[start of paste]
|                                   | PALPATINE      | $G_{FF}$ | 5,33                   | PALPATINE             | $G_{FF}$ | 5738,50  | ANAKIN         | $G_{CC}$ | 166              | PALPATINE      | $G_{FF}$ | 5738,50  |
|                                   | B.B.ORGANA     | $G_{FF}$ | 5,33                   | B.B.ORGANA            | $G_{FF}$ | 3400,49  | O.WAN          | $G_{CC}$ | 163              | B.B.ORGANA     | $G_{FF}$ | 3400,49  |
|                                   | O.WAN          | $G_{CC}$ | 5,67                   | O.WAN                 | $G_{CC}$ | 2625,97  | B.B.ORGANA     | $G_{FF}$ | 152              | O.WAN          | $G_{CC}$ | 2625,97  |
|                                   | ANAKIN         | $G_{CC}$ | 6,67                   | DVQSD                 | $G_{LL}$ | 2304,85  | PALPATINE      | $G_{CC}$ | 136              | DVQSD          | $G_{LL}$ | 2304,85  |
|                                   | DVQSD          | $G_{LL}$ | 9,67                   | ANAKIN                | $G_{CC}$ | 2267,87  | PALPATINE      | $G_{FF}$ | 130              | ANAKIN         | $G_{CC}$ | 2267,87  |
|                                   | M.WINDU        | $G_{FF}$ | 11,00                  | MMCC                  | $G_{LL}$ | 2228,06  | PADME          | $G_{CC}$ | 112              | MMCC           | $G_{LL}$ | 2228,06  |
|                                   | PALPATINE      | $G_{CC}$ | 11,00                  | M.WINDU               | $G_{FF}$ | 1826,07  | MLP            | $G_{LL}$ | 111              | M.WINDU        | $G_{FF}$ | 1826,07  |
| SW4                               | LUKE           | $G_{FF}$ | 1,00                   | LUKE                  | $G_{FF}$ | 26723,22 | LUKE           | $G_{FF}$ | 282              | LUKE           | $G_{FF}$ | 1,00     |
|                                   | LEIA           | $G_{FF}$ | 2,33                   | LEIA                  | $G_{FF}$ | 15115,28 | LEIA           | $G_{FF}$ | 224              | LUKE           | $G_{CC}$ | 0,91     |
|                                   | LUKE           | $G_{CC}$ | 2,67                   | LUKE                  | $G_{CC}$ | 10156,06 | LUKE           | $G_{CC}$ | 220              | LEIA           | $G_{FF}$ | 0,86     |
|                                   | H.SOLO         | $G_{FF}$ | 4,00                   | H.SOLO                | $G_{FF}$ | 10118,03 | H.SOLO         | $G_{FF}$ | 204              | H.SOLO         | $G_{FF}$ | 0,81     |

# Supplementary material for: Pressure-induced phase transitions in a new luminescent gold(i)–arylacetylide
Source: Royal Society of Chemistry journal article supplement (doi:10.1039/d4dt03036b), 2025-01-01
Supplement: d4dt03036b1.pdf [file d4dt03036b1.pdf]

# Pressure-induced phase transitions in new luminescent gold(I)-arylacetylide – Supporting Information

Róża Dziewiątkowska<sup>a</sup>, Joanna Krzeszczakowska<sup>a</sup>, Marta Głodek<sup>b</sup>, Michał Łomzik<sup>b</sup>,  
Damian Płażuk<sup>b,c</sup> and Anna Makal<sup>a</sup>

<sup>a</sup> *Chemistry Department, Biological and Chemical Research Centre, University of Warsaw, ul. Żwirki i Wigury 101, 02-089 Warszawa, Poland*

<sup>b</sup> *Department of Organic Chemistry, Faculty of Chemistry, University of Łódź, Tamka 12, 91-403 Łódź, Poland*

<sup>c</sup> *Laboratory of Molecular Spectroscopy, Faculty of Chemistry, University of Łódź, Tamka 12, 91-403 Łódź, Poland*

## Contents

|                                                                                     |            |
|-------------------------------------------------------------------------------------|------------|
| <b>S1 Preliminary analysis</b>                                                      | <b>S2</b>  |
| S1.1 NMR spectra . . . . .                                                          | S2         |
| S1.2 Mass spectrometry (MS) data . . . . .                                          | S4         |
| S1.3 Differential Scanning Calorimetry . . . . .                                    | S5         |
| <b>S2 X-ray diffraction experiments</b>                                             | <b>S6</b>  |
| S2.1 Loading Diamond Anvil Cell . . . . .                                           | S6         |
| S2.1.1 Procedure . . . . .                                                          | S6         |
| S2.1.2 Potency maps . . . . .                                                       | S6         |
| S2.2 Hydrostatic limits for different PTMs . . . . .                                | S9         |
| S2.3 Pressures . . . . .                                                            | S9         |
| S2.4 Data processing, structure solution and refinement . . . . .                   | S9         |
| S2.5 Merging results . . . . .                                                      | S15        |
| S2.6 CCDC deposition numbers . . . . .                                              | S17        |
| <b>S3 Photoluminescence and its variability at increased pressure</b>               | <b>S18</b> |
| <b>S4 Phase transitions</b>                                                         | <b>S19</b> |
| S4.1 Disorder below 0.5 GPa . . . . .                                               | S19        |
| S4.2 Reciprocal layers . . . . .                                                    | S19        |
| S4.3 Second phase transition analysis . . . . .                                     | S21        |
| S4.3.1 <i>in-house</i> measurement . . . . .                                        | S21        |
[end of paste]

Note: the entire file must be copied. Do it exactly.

|                                   | PALPATINE      | $G_{FF}$ | 5,33                   | PALPATINE             | $G_{FF}$ | 5738,50  | ANAKIN         | $G_{CC}$ | 166              | PALPATINE      | $G_{FF}$ | 5738,50  |
|                                   | B.B.ORGANA     | $G_{FF}$ | 5,33                   | B.B.ORGANA            | $G_{FF}$ | 3400,49  | O.WAN          | $G_{CC}$ | 163              | B.B.ORGANA     | $G_{FF}$ | 3400,49  |
|                                   | O.WAN          | $G_{CC}$ | 5,67                   | O.WAN                 | $G_{CC}$ | 2625,97  | B.B.ORGANA     | $G_{FF}$ | 152              | O.WAN          | $G_{CC}$ | 2625,97  |
|                                   | ANAKIN         | $G_{CC}$ | 6,67                   | DVQSD                 | $G_{LL}$ | 2304,85  | PALPATINE      | $G_{CC}$ | 136              | DVQSD          | $G_{LL}$ | 2304,85  |
|                                   | DVQSD          | $G_{LL}$ | 9,67                   | ANAKIN                | $G_{CC}$ | 2267,87  | PALPATINE      | $G_{FF}$ | 130              | ANAKIN         | $G_{CC}$ | 2267,87  |
|                                   | M.WINDU        | $G_{FF}$ | 11,00                  | MMCC                  | $G_{LL}$ | 2228,06  | PADME          | $G_{CC}$ | 112              | MMCC           | $G_{LL}$ | 2228,06  |
|                                   | PALPATINE      | $G_{CC}$ | 11,00                  | M.WINDU               | $G_{FF}$ | 1826,07  | MLP            | $G_{LL}$ | 111              | M.WINDU        | $G_{FF}$ | 1826,07  |
| SW4                               | LUKE           | $G_{FF}$ | 1,00                   | LUKE                  | $G_{FF}$ | 26723,22 | LUKE           | $G_{FF}$ | 282              | LUKE           | $G_{FF}$ | 1,00     |
|                                   | LEIA           | $G_{FF}$ | 2,33                   | LEIA                  | $G_{FF}$ | 15115,28 | LEIA           | $G_{FF}$ | 224              | LUKE           | $G_{CC}$ | 0,91     |
|                                   | LUKE           | $G_{CC}$ | 2,67                   | LUKE                  | $G_{CC}$ | 10156,06 | LUKE           | $G_{CC}$ | 220              | LEIA           | $G_{FF}$ | 0,86     |
|                                   | H.SOLO         | $G_{FF}$ | 4,00                   | H.SOLO                | $G_{FF}$ | 10118,03 | H.SOLO         | $G_{FF}$ | 204              | H.SOLO         | $G_{FF}$ | 0,81     |

# Supplementary material for: Pressure-induced phase transitions in a new luminescent gold(i)–arylacetylide
Source: Royal Society of Chemistry journal article supplement (doi:10.1039/d4dt03036b), 2025-01-01
Supplement: d4dt03036b1.pdf [file d4dt03036b1.pdf]

# Pressure-induced phase transitions in new luminescent gold(I)-arylacetylide – Supporting Information

Róża Dziewiątkowska<sup>a</sup>, Joanna Krzeszczakowska<sup>a</sup>, Marta Głodek<sup>b</sup>, Michał Łomzik<sup>b</sup>,  
Damian Płażuk<sup>b,c</sup> and Anna Makal<sup>a</sup>

<sup>a</sup> *Chemistry Department, Biological and Chemical Research Centre, University of Warsaw, ul. Żwirki i Wigury 101, 02-089 Warszawa, Poland*

<sup>b</sup> *Department of Organic Chemistry, Faculty of Chemistry, University of Łódź, Tamka 12, 91-403 Łódź, Poland*

<sup>c</sup> *Laboratory of Molecular Spectroscopy, Faculty of Chemistry, University of Łódź, Tamka 12, 91-403 Łódź, Poland*

## Contents

|                                                                                     |            |
|-------------------------------------------------------------------------------------|------------|
| <b>S1 Preliminary analysis</b>                                                      | <b>S2</b>  |
| S1.1 NMR spectra . . . . .                                                          | S2         |
| S1.2 Mass spectrometry (MS) data . . . . .                                          | S4         |
| S1.3 Differential Scanning Calorimetry . . . . .                                    | S5         |
| <b>S2 X-ray diffraction experiments</b>                                             | <b>S6</b>  |
| S2.1 Loading Diamond Anvil Cell . . . . .                                           | S6         |
| S2.1.1 Procedure . . . . .                                                          | S6         |
| S2.1.2 Potency maps . . . . .                                                       | S6         |
| S2.2 Hydrostatic limits for different PTMs . . . . .                                | S9         |
| S2.3 Pressures . . . . .                                                            | S9         |
| S2.4 Data processing, structure solution and refinement . . . . .                   | S9         |
| S2.5 Merging results . . . . .                                                      | S15        |
| S2.6 CCDC deposition numbers . . . . .                                              | S17        |
| <b>S3 Photoluminescence and its variability at increased pressure</b>               | <b>S18</b> |
| <b>S4 Phase transitions</b>                                                         | <b>S19</b> |
| S4.1 Disorder below 0.5 GPa . . . . .                                               | S19        |
| S4.2 Reciprocal layers . . . . .                                                    | S19        |
| S4.3 Second phase transition analysis . . . . .                                     | S21        |
| S4.3.1 <i>in-house</i> measurement . . . . .                                        | S21        |